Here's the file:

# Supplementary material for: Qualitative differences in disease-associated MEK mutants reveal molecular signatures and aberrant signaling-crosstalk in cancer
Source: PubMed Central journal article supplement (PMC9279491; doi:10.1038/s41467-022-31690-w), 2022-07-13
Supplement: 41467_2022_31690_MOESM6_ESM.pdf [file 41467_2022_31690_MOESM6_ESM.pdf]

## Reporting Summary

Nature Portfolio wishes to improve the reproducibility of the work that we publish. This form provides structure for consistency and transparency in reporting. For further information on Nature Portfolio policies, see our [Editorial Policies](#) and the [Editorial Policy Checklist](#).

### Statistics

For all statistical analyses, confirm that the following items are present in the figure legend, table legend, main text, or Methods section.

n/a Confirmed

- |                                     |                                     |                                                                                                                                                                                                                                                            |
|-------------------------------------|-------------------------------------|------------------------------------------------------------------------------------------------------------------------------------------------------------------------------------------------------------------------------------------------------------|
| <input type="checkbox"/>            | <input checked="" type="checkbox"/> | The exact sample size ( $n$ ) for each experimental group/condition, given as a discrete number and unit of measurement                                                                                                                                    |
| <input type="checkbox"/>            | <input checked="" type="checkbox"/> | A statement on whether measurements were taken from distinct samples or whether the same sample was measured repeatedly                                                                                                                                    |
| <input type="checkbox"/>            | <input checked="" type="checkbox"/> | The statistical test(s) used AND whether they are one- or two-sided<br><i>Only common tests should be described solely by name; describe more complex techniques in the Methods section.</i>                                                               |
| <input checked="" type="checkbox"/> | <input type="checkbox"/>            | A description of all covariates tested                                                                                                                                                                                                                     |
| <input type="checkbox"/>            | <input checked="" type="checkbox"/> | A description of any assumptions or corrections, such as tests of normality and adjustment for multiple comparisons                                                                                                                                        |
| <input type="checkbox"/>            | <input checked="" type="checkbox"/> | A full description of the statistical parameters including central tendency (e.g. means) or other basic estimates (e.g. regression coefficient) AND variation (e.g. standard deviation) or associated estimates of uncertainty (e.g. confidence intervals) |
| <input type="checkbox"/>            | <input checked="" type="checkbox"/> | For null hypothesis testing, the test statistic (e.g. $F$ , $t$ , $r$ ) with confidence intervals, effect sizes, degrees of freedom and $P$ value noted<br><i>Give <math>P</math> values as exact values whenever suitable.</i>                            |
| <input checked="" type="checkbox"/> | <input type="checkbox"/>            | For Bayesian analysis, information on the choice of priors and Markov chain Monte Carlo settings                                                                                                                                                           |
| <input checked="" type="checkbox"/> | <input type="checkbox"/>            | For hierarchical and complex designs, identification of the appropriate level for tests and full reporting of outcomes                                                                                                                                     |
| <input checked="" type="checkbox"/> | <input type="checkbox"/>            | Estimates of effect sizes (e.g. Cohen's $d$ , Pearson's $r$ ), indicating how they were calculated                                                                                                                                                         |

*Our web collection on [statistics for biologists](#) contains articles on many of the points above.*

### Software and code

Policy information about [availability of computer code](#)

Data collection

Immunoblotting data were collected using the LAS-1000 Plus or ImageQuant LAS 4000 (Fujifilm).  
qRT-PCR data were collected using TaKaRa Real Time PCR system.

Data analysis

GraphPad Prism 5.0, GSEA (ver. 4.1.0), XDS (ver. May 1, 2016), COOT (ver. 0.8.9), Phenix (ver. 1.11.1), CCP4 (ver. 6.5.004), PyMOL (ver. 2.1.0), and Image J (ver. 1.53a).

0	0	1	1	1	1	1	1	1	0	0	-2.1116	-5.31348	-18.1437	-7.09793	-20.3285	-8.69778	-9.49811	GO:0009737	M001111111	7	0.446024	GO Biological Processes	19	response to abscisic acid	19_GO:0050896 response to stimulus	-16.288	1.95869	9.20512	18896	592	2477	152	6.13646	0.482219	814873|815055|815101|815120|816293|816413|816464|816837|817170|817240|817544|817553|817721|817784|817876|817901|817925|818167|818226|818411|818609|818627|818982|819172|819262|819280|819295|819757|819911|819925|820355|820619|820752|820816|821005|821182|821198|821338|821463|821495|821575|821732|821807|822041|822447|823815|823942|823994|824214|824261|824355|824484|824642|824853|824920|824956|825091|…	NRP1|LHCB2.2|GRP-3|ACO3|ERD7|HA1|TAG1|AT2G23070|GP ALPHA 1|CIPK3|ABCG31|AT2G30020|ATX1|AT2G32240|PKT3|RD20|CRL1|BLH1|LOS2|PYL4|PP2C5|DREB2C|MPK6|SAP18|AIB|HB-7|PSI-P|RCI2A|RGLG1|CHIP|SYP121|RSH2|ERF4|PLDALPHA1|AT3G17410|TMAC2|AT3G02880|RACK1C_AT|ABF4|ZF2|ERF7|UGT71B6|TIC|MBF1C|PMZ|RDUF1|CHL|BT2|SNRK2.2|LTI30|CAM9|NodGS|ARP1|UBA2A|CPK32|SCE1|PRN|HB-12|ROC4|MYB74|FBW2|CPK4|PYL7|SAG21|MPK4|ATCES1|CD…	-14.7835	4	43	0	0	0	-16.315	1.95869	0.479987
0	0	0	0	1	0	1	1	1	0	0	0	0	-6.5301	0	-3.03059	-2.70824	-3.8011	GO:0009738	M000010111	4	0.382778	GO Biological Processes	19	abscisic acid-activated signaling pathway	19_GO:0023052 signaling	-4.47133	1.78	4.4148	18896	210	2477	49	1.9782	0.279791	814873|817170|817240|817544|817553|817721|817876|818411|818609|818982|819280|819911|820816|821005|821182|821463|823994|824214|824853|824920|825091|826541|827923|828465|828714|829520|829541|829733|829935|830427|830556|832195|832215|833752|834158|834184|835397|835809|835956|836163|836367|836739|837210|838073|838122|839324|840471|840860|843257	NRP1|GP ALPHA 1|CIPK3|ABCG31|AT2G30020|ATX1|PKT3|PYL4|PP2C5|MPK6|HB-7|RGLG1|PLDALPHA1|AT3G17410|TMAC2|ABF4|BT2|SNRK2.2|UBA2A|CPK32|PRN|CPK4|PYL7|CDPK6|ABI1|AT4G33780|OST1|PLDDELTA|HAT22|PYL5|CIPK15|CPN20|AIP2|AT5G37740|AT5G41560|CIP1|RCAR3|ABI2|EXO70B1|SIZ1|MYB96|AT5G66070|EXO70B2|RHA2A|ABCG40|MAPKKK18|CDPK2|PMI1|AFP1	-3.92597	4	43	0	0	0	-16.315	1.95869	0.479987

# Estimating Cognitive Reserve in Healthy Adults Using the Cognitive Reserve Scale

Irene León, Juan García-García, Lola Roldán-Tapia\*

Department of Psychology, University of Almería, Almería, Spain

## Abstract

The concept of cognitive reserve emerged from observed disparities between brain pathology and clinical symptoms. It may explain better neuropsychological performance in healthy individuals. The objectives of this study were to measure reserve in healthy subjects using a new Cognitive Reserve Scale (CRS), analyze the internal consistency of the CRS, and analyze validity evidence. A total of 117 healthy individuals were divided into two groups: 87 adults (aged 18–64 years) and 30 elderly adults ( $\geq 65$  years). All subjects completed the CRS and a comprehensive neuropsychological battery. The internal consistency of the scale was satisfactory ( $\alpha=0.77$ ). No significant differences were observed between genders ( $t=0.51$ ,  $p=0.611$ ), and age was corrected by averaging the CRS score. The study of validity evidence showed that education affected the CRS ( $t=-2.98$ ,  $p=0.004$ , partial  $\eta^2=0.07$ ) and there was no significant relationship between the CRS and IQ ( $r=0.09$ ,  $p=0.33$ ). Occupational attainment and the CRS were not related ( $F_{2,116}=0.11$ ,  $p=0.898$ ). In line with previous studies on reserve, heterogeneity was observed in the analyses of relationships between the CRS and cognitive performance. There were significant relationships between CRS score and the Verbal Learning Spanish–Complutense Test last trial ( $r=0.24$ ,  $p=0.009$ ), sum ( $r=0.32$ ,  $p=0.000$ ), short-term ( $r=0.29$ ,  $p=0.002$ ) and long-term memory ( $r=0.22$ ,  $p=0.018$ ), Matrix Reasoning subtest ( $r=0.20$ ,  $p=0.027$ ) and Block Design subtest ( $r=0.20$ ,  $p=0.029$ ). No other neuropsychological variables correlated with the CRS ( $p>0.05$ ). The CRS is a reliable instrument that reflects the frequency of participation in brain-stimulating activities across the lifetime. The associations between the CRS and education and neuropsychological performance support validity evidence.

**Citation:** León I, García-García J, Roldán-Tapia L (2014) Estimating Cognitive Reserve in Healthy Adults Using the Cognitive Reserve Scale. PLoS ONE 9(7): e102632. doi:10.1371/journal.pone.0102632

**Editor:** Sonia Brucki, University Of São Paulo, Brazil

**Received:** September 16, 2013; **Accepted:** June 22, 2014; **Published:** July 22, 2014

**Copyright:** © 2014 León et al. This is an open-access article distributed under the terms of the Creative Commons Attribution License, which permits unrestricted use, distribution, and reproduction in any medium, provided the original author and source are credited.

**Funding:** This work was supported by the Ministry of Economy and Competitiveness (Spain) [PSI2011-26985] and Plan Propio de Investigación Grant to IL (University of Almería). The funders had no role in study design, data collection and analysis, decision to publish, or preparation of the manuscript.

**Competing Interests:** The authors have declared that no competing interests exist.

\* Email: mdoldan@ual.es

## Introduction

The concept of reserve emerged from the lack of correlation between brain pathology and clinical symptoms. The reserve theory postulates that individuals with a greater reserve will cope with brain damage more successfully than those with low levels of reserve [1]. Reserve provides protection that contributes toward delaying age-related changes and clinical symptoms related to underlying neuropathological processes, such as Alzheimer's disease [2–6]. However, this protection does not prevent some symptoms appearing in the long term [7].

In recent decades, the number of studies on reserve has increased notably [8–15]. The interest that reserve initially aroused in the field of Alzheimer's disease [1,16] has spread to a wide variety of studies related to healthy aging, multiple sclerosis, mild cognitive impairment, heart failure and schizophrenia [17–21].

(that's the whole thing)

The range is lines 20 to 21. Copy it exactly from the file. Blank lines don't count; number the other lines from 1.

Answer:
| <input checked="" type="checkbox"/> | <input type="checkbox"/>            | Estimates of effect sizes (e.g. Cohen's $d$ , Pearson's $r$ ), indicating how they were calculated                                                                                                                                                         |

*Our web collection on [statistics for biologists](#) contains articles on many of the points above.*